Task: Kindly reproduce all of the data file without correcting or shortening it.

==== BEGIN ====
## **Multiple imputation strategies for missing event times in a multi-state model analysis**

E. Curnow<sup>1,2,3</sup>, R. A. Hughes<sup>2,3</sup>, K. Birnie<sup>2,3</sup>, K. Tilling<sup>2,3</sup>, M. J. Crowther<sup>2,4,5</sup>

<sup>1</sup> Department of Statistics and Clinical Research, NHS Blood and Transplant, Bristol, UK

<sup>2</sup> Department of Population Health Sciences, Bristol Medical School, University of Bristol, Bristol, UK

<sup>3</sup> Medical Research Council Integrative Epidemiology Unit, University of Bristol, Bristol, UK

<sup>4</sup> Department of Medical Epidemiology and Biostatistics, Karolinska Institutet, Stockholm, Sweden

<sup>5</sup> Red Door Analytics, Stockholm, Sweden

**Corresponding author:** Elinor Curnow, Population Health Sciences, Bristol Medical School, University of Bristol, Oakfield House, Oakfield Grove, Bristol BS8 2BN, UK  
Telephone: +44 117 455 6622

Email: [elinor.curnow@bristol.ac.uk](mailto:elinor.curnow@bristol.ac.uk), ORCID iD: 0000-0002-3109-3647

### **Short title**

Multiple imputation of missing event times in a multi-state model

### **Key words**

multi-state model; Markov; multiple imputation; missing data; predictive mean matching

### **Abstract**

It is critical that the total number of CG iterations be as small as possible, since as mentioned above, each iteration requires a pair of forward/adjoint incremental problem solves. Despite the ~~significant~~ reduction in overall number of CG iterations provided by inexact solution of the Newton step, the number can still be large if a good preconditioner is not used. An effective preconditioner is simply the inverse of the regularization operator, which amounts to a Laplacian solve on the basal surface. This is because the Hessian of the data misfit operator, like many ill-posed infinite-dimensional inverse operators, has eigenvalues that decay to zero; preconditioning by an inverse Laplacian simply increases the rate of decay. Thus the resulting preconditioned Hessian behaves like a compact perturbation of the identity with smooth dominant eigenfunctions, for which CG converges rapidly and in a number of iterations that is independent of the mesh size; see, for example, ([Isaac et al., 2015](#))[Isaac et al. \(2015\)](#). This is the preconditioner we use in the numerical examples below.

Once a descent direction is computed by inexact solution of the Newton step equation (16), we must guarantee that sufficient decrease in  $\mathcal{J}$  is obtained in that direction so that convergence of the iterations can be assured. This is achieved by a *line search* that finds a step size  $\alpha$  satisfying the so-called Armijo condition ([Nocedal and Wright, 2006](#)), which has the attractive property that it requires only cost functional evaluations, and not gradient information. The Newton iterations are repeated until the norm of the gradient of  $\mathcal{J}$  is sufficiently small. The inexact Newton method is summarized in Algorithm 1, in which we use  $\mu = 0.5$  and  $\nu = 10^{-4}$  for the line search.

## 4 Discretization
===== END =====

## **Multiple imputation strategies for missing event times in a multi-state model analysis**

E. Curnow<sup>1,2,3</sup>, R. A. Hughes<sup>2,3</sup>, K. Birnie<sup>2,3</sup>, K. Tilling<sup>2,3</sup>, M. J. Crowther<sup>2,4,5</sup>

<sup>1</sup> Department of Statistics and Clinical Research, NHS Blood and Transplant, Bristol, UK

<sup>2</sup> Department of Population Health Sciences, Bristol Medical School, University of Bristol, Bristol, UK

<sup>3</sup> Medical Research Council Integrative Epidemiology Unit, University of Bristol, Bristol, UK

<sup>4</sup> Department of Medical Epidemiology and Biostatistics, Karolinska Institutet, Stockholm, Sweden

<sup>5</sup> Red Door Analytics, Stockholm, Sweden

**Corresponding author:** Elinor Curnow, Population Health Sciences, Bristol Medical School, University of Bristol, Oakfield House, Oakfield Grove, Bristol BS8 2BN, UK  
Telephone: +44 117 455 6622

Email: [elinor.curnow@bristol.ac.uk](mailto:elinor.curnow@bristol.ac.uk), ORCID iD: 0000-0002-3109-3647

### **Short title**

Multiple imputation of missing event times in a multi-state model

### **Key words**

multi-state model; Markov; multiple imputation; missing data; predictive mean matching

### **Abstract**

It is critical that the total number of CG iterations be as small as possible, since as mentioned above, each iteration requires a pair of forward/adjoint incremental problem solves. Despite the ~~significant~~ reduction in overall number of CG iterations provided by inexact solution of the Newton step, the number can still be large if a good preconditioner is not used. An effective preconditioner is simply the inverse of the regularization operator, which amounts to a Laplacian solve on the basal surface. This is because the Hessian of the data misfit operator, like many ill-posed infinite-dimensional inverse operators, has eigenvalues that decay to zero; preconditioning by an inverse Laplacian simply increases the rate of decay. Thus the resulting preconditioned Hessian behaves like a compact perturbation of the identity with smooth dominant eigenfunctions, for which CG converges rapidly and in a number of iterations that is independent of the mesh size; see, for example, ([Isaac et al., 2015](#))[Isaac et al. \(2015\)](#). This is the preconditioner we use in the numerical examples below.

Once a descent direction is computed by inexact solution of the Newton step equation (16), we must guarantee that sufficient decrease in  $\mathcal{J}$  is obtained in that direction so that convergence of the iterations can be assured. This is achieved by a *line search* that finds a step size  $\alpha$  satisfying the so-called Armijo condition ([Nocedal and Wright, 2006](#)), which has the attractive property that it requires only cost functional evaluations, and not gradient information. The Newton iterations are repeated until the norm of the gradient of  $\mathcal{J}$  is sufficiently small. The inexact Newton method is summarized in Algorithm 1, in which we use  $\mu = 0.5$  and  $\nu = 10^{-4}$  for the line search.

## 4 Discretization